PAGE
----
At this point, mostly the same medical marijuana dispensaries that were already there. This being said, the cities that do allow recreational marijuana sales have generally already allowed these medical dispensaries to immediately move to recreational sales. It is also worth noting that California has now made the move of allowing cannabis trademarks, something that previously was a no-go.

Growing Marijuana Plants in Your Home

Growing your own marijuana in California is a bit of an odd issue as it’s primarily an issue that changes quite a bit from city to city and county to county. In theory, it has been legal for any 21 or older Californian to grow up to six plants per household since November of 2016. The only real proviso to this is that they must be kept out of sight of the public. The reality of the situation varies enormously based on local governments–some being incredible permissive and some much more restrictive. A few common local restrictions are permitting requirements, often expensive and difficult to obtain, and requirements that the plants are grown completely indoors.

Marijuana and Driving, Driving While High

First and foremost, don’t smoke marijuana and drive. It’s illegal and it’s irresponsible. However, to address the exact law on the issue, California now treats marijuana almost the same as alcohol you keep in your car. Just like you can’t have an accessible open container of alcohol in your car, you can’t keep an accessible open container of marijuana or any accessible means of consuming marijuana in your car.

As already mentioned, driving while impaired is absolutely a crime. However, it does raise some interesting legal issues. As it is, it is quite difficult for authorities to establish and measure current cannabis impairment. If an officer believes you are impaired, they will likely arrest you and–as it stands–if a blood test shows you have marijuana in your system a charge can be brought for driving while impaired.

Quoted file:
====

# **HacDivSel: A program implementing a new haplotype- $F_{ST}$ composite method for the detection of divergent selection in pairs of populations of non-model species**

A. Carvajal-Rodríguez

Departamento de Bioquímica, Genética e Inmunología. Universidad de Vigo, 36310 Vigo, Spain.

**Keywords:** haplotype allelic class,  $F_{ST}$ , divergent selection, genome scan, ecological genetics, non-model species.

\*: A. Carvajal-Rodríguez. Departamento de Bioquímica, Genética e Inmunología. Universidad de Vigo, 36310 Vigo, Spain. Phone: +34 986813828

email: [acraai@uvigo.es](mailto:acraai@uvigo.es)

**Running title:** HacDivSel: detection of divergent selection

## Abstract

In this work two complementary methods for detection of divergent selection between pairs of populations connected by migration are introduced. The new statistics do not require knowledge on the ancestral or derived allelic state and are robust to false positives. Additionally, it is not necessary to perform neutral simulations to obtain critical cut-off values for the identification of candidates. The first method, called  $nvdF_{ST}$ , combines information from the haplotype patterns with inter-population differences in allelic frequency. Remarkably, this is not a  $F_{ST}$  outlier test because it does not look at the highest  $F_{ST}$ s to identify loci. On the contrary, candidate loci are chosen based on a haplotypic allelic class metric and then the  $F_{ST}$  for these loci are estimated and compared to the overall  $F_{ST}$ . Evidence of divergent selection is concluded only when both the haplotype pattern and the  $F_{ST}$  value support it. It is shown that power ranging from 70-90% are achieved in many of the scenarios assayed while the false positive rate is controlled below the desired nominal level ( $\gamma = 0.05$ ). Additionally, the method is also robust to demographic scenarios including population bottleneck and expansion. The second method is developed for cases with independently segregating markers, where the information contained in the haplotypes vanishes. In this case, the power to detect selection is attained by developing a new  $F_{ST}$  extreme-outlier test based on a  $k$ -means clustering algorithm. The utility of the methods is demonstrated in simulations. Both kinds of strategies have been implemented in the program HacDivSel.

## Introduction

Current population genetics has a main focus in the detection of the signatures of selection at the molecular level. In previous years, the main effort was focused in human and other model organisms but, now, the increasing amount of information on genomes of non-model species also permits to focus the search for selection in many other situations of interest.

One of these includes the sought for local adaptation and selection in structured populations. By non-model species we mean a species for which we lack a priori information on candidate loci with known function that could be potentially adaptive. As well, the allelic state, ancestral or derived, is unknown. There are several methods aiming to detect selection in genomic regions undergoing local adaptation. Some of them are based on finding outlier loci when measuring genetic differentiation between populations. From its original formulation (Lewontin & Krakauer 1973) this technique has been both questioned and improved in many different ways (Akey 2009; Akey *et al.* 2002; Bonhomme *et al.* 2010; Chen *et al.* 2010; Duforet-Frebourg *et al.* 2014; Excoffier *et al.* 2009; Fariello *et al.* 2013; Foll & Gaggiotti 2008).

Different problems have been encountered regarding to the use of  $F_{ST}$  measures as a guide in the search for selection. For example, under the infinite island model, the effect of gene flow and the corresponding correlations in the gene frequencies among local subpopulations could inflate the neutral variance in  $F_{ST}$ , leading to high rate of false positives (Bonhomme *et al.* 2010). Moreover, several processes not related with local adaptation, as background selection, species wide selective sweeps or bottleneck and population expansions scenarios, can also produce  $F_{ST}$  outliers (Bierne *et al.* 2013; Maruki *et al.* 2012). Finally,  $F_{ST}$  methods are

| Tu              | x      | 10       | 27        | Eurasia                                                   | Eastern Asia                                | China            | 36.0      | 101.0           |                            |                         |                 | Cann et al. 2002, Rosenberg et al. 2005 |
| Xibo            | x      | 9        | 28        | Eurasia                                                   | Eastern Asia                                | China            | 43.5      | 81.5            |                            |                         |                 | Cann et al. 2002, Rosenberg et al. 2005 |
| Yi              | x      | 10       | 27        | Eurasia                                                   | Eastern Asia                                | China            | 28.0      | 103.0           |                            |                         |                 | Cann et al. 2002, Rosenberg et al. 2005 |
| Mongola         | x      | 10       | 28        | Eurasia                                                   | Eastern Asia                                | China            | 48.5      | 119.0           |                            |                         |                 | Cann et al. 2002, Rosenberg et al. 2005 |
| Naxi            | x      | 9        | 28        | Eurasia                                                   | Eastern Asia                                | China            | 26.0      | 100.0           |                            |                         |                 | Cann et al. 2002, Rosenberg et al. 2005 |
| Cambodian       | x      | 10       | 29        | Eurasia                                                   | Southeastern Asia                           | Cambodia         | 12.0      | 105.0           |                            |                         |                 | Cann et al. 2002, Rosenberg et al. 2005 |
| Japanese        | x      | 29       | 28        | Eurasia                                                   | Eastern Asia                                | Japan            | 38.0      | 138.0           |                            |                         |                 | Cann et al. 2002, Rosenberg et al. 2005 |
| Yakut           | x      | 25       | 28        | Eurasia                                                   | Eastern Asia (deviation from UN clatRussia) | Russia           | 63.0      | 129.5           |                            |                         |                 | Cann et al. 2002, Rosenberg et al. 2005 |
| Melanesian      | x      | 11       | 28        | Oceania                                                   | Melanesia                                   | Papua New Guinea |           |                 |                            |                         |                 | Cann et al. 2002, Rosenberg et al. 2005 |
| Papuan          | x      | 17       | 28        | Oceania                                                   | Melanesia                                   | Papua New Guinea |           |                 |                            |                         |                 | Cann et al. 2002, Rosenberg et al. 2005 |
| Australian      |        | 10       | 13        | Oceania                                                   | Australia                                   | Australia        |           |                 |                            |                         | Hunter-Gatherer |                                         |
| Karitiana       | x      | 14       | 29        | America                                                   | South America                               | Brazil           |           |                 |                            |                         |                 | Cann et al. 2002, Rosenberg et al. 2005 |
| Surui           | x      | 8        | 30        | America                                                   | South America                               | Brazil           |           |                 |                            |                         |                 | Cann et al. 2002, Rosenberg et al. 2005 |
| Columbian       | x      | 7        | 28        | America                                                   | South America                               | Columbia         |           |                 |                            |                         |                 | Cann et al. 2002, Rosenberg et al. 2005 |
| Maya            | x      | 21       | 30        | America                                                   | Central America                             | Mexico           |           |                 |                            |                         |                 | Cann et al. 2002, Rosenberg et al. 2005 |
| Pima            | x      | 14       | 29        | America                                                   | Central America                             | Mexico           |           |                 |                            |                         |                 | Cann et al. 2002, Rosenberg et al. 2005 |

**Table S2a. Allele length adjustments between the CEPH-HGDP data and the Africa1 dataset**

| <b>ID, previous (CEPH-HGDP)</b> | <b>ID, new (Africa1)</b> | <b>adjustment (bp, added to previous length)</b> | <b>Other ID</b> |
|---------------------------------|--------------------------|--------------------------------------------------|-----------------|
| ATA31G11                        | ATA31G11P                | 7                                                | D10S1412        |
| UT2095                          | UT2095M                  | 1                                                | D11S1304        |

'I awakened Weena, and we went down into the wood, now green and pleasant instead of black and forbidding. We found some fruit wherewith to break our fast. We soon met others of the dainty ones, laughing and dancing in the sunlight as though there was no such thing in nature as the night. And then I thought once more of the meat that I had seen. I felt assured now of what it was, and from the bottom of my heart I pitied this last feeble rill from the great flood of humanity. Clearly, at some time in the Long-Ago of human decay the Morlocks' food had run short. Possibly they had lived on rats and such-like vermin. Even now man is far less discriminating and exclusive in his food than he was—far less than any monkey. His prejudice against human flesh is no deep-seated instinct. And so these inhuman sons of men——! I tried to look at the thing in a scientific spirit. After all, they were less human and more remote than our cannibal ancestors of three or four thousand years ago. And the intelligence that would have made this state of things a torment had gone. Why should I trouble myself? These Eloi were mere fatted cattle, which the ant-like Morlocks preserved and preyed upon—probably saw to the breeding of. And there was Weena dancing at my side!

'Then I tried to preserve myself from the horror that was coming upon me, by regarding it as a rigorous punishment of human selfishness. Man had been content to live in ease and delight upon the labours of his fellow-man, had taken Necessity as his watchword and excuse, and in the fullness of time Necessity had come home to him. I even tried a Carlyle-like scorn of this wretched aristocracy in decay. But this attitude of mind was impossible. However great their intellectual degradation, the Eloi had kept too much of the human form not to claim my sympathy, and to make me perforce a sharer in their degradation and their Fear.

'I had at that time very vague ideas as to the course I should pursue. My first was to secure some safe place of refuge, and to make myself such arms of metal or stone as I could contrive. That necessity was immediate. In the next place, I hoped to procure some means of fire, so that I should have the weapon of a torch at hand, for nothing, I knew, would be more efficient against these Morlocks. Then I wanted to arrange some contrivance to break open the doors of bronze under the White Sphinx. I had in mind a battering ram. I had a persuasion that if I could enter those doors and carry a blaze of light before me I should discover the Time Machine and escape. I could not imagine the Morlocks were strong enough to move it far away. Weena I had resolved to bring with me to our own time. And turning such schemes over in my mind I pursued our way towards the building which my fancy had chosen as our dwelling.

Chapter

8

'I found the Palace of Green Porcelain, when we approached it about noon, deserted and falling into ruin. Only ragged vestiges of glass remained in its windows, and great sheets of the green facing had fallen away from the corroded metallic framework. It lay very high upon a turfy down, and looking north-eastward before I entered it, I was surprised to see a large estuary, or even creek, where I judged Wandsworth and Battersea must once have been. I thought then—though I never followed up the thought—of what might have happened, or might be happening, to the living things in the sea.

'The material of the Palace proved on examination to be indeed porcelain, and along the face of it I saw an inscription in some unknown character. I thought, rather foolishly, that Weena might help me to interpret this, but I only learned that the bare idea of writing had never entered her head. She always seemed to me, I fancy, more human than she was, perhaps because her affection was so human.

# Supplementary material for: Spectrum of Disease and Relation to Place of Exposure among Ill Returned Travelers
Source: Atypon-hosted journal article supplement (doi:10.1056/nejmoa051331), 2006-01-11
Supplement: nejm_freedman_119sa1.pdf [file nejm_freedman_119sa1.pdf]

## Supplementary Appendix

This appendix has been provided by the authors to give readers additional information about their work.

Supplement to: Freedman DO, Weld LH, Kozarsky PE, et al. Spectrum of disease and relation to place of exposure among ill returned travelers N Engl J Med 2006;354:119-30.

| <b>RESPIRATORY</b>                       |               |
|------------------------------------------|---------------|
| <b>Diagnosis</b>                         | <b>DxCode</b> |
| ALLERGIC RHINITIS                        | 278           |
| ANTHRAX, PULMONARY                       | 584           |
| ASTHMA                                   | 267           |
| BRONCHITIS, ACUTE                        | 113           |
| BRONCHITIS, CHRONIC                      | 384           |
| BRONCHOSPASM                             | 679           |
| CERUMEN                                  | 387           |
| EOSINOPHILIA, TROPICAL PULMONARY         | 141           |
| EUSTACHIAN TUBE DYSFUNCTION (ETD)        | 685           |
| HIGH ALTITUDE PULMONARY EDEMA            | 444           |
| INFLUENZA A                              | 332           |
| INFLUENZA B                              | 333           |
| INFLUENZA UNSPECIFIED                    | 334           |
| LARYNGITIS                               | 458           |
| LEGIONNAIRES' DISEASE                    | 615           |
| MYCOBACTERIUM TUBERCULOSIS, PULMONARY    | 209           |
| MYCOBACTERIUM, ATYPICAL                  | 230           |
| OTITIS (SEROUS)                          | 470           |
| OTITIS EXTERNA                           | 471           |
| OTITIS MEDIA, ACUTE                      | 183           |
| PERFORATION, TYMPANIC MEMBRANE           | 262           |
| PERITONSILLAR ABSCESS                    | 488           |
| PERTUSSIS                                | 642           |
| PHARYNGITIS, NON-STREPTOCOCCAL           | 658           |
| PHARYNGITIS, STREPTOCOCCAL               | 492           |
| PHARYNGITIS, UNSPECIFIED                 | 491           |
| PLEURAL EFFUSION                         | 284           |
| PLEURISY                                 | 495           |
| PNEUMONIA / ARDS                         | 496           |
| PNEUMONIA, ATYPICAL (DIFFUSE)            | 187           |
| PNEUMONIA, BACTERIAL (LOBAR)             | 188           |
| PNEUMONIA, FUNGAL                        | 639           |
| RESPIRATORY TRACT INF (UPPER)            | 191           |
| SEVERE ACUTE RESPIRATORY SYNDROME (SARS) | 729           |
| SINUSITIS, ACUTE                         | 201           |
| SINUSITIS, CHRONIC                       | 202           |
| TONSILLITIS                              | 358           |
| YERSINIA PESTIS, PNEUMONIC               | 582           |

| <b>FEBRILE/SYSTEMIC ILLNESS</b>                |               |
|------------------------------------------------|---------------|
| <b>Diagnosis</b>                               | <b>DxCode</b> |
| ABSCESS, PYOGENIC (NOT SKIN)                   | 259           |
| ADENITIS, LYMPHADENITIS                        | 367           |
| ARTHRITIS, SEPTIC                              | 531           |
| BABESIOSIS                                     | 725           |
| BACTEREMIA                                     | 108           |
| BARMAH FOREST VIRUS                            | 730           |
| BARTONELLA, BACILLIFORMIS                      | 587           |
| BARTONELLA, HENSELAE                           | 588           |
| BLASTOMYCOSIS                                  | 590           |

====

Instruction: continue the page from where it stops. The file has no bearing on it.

A blood test is not a very reliable test of current impairment as it can show positive results from anything from 4 to 12 hours or–in the case of more regular users–several days. You can see the issue here, does a blood test really show whether you were currently impaired when you were pulled over?

What’s more, the usual tests for detecting impairment applied by law enforcement officers are not tuned to detecting marijuana impairment. In Massachusetts, the Massachusetts Supreme Judicial Court has already ruled that the field sobriety tests generally used by police officers as part of traffic stop cannot be evidence of driving under the influence of marijuana. This is likely an issue that will develop in the California courts over the next year or two, but is unresolved for now.

How Will Marijuana Impact Employment?

California, as is the trend across the nation, still allows employers to test employees for marijuana and fire, refuse to hire, or take other detrimental employment action against that employee or would-be employee based on the results. In fact, with some federal agencies this testing is required–not a surprise given marijuana’s federally illegal status.

However, it is a bit of an odd position given how close California’s treatment of marijuana is to alcohol at this point. It would be quite odd for an employer to act against an employee for drinking alcohol off duty if it didn’t affect that employee at work.